Gender differences in communication styles: The impact on the managerial work of a woman school principal

Australian and New Zealand College of Anaesthetists (ANZCA) Conference, Power and Place. Wellington, July 2008

Tshilidzi Netshitangani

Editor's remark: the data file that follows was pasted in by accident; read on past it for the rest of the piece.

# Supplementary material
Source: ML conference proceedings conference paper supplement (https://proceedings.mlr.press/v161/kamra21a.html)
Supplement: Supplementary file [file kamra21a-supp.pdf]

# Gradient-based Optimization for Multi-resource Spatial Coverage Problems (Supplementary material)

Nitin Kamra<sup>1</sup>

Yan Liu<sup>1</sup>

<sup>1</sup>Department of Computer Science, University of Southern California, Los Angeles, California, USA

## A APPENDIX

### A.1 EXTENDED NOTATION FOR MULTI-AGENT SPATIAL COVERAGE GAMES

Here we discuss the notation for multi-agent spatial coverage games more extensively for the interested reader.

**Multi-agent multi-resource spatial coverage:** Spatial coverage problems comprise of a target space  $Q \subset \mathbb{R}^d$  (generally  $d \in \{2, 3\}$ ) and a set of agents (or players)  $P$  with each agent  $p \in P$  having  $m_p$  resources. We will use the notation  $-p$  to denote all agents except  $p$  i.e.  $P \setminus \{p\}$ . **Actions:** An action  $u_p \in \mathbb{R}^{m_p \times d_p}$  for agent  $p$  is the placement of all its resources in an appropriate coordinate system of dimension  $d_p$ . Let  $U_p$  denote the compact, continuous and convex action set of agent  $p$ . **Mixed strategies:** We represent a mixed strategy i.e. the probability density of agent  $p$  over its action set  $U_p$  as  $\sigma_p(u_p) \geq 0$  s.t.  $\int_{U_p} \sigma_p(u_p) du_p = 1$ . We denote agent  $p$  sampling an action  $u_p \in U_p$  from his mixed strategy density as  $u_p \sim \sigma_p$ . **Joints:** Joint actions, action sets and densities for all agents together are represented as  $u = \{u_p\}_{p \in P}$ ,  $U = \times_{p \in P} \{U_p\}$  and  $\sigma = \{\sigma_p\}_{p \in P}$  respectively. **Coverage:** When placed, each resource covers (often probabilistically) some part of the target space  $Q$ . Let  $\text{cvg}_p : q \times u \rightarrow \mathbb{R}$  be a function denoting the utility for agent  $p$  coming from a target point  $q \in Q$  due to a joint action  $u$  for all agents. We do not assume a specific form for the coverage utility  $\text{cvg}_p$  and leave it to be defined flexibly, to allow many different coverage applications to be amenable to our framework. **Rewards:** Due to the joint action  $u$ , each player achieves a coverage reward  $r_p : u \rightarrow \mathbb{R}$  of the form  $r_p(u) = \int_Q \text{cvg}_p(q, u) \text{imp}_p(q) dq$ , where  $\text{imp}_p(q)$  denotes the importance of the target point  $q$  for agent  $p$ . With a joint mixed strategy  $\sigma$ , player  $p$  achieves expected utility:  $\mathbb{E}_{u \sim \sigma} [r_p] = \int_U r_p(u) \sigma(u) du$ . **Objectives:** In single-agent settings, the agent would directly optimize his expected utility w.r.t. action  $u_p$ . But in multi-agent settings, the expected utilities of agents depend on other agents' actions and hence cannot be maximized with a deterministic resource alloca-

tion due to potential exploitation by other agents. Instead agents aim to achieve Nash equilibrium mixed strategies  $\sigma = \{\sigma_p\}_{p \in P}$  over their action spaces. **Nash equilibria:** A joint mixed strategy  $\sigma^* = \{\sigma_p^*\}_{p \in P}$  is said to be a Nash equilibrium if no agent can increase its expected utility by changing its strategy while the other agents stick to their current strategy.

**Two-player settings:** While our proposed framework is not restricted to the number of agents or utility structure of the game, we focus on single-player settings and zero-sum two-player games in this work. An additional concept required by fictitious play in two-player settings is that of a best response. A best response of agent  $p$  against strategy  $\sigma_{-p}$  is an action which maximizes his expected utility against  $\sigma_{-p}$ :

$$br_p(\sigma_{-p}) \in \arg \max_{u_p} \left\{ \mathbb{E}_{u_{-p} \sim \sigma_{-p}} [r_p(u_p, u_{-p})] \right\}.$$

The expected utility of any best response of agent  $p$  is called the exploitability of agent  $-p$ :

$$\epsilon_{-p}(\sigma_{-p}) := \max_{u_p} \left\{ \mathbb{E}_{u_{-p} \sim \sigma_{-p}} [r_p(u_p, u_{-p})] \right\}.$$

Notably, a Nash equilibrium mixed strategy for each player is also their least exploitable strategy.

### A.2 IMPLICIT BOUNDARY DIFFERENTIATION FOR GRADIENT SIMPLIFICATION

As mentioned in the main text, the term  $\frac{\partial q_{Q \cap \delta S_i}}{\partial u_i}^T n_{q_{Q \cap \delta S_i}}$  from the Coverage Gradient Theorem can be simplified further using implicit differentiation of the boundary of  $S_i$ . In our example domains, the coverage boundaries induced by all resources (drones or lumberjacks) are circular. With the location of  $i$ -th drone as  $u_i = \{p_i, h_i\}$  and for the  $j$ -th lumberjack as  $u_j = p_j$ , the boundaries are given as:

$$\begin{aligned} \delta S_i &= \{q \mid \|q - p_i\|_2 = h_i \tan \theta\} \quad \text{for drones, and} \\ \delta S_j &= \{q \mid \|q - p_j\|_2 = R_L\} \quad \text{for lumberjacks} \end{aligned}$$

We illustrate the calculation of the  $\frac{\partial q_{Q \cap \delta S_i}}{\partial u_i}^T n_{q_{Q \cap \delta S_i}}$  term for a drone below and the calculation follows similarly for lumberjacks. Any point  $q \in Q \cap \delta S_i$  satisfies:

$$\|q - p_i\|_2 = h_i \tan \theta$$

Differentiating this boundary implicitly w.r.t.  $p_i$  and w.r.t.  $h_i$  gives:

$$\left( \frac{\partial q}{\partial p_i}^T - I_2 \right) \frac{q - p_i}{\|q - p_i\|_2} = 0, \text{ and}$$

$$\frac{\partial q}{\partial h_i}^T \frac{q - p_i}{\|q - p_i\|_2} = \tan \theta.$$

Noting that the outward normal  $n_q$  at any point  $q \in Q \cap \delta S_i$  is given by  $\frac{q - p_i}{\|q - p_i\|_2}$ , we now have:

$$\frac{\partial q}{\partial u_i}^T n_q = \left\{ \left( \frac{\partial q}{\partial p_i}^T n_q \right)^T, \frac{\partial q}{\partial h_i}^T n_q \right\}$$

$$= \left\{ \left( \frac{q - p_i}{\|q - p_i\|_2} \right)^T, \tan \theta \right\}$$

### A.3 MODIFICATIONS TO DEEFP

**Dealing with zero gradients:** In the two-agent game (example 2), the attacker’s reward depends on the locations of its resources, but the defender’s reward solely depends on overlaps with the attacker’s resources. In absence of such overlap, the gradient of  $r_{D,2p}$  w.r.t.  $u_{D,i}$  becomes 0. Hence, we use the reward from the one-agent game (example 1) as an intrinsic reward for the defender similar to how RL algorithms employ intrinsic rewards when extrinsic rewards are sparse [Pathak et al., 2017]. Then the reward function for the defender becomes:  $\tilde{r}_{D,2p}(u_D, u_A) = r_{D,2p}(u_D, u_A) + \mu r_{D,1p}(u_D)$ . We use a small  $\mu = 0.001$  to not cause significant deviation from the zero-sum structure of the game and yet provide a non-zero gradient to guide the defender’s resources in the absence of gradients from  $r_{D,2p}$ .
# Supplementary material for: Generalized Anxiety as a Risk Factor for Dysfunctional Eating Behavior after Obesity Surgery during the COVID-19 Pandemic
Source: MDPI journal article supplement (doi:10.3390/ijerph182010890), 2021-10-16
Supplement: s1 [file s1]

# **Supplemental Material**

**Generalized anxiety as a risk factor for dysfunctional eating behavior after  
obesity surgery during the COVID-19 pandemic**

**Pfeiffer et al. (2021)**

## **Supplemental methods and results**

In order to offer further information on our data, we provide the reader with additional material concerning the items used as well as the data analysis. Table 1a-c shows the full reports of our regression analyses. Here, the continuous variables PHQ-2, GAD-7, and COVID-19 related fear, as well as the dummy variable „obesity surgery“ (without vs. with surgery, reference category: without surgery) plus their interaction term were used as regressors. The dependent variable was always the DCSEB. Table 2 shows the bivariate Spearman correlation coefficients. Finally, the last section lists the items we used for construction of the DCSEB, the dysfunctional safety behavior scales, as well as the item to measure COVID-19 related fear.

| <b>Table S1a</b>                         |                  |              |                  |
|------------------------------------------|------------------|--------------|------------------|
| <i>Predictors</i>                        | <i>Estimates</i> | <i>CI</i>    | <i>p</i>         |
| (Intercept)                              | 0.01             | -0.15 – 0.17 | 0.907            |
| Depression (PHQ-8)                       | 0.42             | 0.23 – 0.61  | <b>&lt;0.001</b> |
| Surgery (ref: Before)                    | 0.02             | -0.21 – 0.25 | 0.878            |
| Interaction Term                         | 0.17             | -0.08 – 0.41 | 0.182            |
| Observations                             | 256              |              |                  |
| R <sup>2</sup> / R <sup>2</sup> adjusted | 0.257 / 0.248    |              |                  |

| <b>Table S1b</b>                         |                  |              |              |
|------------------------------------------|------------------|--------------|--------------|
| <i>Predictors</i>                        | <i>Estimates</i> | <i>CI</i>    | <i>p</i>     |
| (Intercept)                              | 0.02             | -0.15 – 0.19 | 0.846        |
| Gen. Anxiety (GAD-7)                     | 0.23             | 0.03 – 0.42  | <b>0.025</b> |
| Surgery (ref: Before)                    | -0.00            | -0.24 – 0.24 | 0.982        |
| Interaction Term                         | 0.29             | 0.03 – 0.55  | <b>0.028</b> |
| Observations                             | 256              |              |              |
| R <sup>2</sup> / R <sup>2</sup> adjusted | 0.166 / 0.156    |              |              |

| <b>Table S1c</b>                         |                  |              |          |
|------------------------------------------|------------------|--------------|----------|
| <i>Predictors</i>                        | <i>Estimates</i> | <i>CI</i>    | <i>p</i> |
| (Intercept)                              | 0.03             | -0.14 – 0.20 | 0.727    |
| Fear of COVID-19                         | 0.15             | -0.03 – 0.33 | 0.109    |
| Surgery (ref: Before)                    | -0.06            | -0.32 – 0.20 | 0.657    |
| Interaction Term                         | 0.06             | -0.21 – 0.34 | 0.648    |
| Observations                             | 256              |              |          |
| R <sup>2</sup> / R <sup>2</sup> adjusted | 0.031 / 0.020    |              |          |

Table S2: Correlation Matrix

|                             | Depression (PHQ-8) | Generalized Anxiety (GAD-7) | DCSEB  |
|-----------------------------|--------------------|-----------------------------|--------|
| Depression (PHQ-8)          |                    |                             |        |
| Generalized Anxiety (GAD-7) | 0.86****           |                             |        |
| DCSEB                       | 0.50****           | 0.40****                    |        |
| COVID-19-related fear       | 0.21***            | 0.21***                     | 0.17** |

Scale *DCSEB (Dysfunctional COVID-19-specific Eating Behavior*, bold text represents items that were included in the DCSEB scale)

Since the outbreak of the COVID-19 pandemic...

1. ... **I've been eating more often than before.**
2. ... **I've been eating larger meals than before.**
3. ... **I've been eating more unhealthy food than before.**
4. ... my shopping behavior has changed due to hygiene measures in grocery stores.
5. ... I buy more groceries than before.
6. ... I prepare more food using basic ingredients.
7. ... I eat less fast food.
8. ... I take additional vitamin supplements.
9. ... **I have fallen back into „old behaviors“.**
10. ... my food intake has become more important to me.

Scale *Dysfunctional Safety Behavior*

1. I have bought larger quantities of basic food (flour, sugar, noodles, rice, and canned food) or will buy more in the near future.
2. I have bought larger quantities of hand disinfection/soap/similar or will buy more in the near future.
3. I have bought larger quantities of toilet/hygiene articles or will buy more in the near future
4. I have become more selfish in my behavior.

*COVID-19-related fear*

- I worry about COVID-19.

Communication is an important managerial function of school principals. Research indicates that women’s communication styles differ from those of men. This article supports and provides evidence for the claim that women and men use language differently. We live in a society in which there is substantial inequality and some of these inequalities are partly grounded in gender social relations and the construction of different gendered identities based on male-female dualism. A number of competing explanations for this situation and considerable controversy exist among different positions. Literature suggests that women display linguistic politeness and converse cooperatively, while men tend to organise their conversations competitively. The differences in the communication styles of women and men may cause misunderstandings in conversations. Due to other factors involved in communication, such as culture, class and age, as well as lack of knowledge about effective ways of communicating, miscommunication can occur not only in mixed gender talk but also in same-sex conversations. Consequently, managers should acquaint themselves with gender differences in communication to avoid miscommunication. Moreover, women educational managers in rural contexts in South Africa experience cultural barriers to communication as African women are not expected to talk much and should feign to know little in the presence of men. Using qualitative research methods, a single case study was conducted in Limpopo Province, South Africa, to explore the communication strategies of a woman principal. Findings indicate that the woman principal was a good communicator who overcame cultural barriers, often by practising what is not traditionally acceptable. Moreover, the woman principal’s communication was shaped by the context in which she functioned as a woman, a mother, a wife, an African, an educational manager and as an individual with her own unique personality. 



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